Digital Evolution Group, a marketing agency, says it has outgrown its existing office space and is exploring a move to a newly renovated office building in Overland Park previously occupied by Black & Veatch.
DEG’s headquarters are currently at 10801 Mastin Blvd. in Overland Park, about 3 miles from where the firm is prospecting for new space at 6601 College Blvd.
An Overland Park City Council committee this week will begin evaluating a tax abatement request from DEG to occupy the College Boulevard building, which is owned by Tower Properties.
DEG said in documents filed with Overland Park City Hall that it has 155 full-time employees from its Overland Park location and plans to grow to at least 300 employees within the next five years. DEG has a total of 217 employees across the company with additional offices in Crown Center, the Crossroads Arts District and out-of-town locations including Denver and Des Moines.
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“Neal Sharma, Jasvindarjit Singh, and I started DEG 17 years ago in Overland Park, and we could not have asked for a better place to grow the company,” chief financial officer Dale Hazlett said in a written statement to The Star. “We anticipate maintaining our home in Overland Park and appreciate the support we have received during this process thus far.”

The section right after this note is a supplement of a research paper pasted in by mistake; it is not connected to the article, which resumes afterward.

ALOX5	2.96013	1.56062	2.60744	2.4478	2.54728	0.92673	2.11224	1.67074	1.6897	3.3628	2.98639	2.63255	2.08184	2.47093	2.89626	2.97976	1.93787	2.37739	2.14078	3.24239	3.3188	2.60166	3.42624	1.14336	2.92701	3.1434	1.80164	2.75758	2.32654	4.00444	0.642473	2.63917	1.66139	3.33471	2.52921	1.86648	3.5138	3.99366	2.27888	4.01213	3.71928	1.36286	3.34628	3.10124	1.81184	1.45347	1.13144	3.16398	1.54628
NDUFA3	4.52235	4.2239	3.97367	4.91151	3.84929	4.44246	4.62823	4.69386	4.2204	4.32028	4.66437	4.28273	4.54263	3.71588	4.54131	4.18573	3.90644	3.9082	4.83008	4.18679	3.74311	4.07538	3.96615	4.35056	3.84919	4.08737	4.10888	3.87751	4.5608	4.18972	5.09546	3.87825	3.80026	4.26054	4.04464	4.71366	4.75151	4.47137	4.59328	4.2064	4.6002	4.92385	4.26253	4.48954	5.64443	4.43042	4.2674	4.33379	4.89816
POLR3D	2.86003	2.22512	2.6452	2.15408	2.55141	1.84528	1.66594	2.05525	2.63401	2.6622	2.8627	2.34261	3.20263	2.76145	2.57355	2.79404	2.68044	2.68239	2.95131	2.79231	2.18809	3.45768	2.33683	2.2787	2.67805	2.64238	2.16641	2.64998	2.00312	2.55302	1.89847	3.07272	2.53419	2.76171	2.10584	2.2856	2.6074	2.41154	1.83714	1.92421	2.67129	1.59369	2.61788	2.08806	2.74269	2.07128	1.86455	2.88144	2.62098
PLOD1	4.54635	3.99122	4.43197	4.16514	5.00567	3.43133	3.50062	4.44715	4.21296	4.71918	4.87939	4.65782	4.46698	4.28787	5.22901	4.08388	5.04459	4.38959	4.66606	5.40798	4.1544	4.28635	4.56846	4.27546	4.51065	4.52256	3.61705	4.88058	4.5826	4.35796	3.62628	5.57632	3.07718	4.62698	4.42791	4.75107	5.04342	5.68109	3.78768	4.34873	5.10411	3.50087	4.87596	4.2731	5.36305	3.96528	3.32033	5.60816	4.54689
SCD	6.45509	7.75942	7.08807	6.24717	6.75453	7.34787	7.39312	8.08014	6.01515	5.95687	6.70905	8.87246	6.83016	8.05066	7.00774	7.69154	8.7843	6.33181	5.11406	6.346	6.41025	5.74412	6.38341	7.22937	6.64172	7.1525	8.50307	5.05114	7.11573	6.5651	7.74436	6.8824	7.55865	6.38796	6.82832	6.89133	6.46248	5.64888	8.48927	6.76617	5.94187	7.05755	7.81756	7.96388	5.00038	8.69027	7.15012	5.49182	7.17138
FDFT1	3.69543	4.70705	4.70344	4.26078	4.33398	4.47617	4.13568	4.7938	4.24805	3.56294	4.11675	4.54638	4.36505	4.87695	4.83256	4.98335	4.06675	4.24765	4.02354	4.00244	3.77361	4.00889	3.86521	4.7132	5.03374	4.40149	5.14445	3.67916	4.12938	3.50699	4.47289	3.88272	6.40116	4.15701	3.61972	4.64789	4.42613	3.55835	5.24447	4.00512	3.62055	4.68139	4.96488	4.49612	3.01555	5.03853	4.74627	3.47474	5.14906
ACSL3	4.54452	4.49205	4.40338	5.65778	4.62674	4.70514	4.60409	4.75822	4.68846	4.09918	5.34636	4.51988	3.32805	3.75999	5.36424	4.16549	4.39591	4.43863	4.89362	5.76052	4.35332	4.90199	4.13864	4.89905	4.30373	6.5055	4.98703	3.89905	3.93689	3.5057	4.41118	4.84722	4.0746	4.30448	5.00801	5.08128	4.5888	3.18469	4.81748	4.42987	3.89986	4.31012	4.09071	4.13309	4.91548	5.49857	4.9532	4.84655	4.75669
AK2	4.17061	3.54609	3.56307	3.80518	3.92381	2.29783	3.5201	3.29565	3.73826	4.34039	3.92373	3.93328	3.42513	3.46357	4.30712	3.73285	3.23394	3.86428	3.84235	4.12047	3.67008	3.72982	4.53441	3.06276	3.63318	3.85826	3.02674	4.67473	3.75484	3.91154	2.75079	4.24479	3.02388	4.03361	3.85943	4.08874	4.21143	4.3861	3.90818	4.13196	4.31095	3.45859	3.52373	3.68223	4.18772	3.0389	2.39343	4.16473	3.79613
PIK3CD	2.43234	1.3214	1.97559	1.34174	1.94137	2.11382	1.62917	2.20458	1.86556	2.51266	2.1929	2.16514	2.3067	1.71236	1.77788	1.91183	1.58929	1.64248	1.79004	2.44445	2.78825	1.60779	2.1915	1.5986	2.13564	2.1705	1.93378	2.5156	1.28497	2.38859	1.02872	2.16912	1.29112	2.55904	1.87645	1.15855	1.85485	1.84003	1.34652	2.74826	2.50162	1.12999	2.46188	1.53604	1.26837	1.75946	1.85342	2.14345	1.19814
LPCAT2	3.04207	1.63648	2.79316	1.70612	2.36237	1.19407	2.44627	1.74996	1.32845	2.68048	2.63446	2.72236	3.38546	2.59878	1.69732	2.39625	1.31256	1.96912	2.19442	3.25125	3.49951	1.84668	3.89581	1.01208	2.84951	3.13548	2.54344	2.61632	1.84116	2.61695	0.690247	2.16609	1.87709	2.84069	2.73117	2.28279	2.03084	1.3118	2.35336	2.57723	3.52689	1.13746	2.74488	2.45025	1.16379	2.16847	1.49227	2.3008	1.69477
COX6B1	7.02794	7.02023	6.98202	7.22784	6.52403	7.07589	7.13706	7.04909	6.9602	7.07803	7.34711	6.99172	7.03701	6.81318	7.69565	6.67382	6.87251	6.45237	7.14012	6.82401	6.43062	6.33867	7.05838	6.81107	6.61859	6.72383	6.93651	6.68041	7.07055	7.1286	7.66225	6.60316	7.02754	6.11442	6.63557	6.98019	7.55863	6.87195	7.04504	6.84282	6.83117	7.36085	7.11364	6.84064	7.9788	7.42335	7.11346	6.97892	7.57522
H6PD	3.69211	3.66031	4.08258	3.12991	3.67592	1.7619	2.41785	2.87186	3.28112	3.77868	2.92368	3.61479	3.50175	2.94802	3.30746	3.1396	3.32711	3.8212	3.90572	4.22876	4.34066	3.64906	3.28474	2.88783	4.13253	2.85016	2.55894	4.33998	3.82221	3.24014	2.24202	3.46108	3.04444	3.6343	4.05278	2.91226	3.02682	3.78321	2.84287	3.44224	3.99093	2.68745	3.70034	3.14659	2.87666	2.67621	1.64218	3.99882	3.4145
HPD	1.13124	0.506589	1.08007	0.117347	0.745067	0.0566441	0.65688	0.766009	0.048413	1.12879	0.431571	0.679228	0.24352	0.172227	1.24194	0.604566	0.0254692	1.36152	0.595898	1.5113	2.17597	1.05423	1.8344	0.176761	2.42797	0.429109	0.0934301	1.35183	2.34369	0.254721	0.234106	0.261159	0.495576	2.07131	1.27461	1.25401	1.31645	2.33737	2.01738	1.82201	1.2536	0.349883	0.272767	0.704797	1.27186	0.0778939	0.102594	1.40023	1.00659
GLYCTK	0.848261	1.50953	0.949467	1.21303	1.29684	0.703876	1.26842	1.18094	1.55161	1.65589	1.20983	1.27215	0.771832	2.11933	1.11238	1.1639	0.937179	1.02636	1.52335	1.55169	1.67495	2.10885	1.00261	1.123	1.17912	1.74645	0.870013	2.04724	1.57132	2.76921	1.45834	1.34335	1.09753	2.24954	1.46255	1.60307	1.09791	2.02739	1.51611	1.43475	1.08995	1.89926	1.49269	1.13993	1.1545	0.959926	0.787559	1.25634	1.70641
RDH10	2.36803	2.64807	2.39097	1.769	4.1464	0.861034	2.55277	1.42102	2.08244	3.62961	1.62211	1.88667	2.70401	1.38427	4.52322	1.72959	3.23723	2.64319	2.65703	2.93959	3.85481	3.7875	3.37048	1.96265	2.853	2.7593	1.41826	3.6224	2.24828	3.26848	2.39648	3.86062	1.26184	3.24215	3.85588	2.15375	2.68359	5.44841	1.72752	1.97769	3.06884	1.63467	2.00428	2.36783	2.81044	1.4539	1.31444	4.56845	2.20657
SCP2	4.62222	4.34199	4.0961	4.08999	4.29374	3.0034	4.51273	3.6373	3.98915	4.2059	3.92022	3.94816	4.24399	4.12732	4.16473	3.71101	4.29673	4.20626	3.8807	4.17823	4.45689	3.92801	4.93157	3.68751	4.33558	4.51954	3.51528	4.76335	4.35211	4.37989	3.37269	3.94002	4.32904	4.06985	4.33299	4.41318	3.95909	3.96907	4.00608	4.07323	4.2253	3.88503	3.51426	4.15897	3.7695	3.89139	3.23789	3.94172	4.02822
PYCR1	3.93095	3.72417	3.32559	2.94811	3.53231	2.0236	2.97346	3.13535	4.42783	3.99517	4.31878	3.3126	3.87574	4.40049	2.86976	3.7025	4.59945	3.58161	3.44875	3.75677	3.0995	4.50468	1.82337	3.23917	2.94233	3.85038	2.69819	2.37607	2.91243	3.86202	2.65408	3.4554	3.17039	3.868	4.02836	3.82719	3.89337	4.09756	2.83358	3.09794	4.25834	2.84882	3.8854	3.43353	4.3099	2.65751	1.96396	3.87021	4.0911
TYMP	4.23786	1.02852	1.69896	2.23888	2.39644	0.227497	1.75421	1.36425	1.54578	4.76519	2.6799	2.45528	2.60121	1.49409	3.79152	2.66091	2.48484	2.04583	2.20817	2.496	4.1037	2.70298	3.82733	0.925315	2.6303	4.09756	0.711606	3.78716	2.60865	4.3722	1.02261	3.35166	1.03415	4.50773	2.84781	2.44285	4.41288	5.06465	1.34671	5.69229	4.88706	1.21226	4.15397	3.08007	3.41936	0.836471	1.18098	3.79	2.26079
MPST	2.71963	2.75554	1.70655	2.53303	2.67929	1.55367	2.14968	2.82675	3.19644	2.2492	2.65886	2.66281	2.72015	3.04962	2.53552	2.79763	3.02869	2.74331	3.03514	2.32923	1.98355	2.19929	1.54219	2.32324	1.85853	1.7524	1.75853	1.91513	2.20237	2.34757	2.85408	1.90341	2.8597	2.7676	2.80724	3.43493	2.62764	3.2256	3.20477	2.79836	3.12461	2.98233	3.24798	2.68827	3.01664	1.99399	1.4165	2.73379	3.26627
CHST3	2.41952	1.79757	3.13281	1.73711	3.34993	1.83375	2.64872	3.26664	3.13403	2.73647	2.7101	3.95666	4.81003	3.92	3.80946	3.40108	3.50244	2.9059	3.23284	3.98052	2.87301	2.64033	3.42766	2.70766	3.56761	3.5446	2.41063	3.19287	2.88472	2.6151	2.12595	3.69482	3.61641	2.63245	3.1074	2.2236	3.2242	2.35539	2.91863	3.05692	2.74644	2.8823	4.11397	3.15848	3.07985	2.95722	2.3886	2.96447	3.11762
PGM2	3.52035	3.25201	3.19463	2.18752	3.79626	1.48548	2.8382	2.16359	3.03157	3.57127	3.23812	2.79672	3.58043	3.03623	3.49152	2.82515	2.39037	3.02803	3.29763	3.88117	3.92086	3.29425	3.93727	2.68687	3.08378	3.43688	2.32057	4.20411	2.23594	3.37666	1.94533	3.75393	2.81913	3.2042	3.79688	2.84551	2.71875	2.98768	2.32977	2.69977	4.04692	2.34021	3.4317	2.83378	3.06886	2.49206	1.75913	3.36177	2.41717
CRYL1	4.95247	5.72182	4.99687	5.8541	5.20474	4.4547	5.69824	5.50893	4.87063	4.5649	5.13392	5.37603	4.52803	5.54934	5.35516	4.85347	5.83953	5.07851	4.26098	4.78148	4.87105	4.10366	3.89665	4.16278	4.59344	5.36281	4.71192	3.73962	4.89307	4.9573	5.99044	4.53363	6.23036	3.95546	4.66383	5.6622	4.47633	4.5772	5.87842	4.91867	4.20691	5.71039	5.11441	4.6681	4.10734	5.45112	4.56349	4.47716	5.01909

The building on College Boulevard had been occupied by Black & Veatch for 20 years until the end of 2015, when the engineering company relocated the 300 employees it had working there to Overland Park Xchange, formerly known as the Overland Park Trade Center.
After that, Tower Properties invested $20 million into the 101,000-square-foot building for a deep renovation, which includes a new glass facade. Overland Park helped with that effort by exempting Tower Properties from paying sales taxes on construction-related purchases for the building’s renovation.
Buzz Willard, president and CEO of Tower Properties, said DEG was the type of company he hoped to attract when Tower Properties decided to reinvest in the building.
Overland Park will consider a 10-year, 50 percent property tax abatement on the 34,000 square feet DEG would occupy.
As part of the proposed arrangement, DEG has to make good on its prediction to increase its employment to 300 workers or risk losing a portion of its tax abatement. DEG said its average employee salary is $75,670. If that salary average dips below $70,000, Overland Park could reduce the abatement.
Wednesday’s meeting of the Overland Park Finance, Administration and Economic Development Committee will consider entering into a cost-benefit analysis for DEG’s abatement request. The Overland Park City Council would hold a public hearing at a later date and eventually vote on awarding DEG the abatement.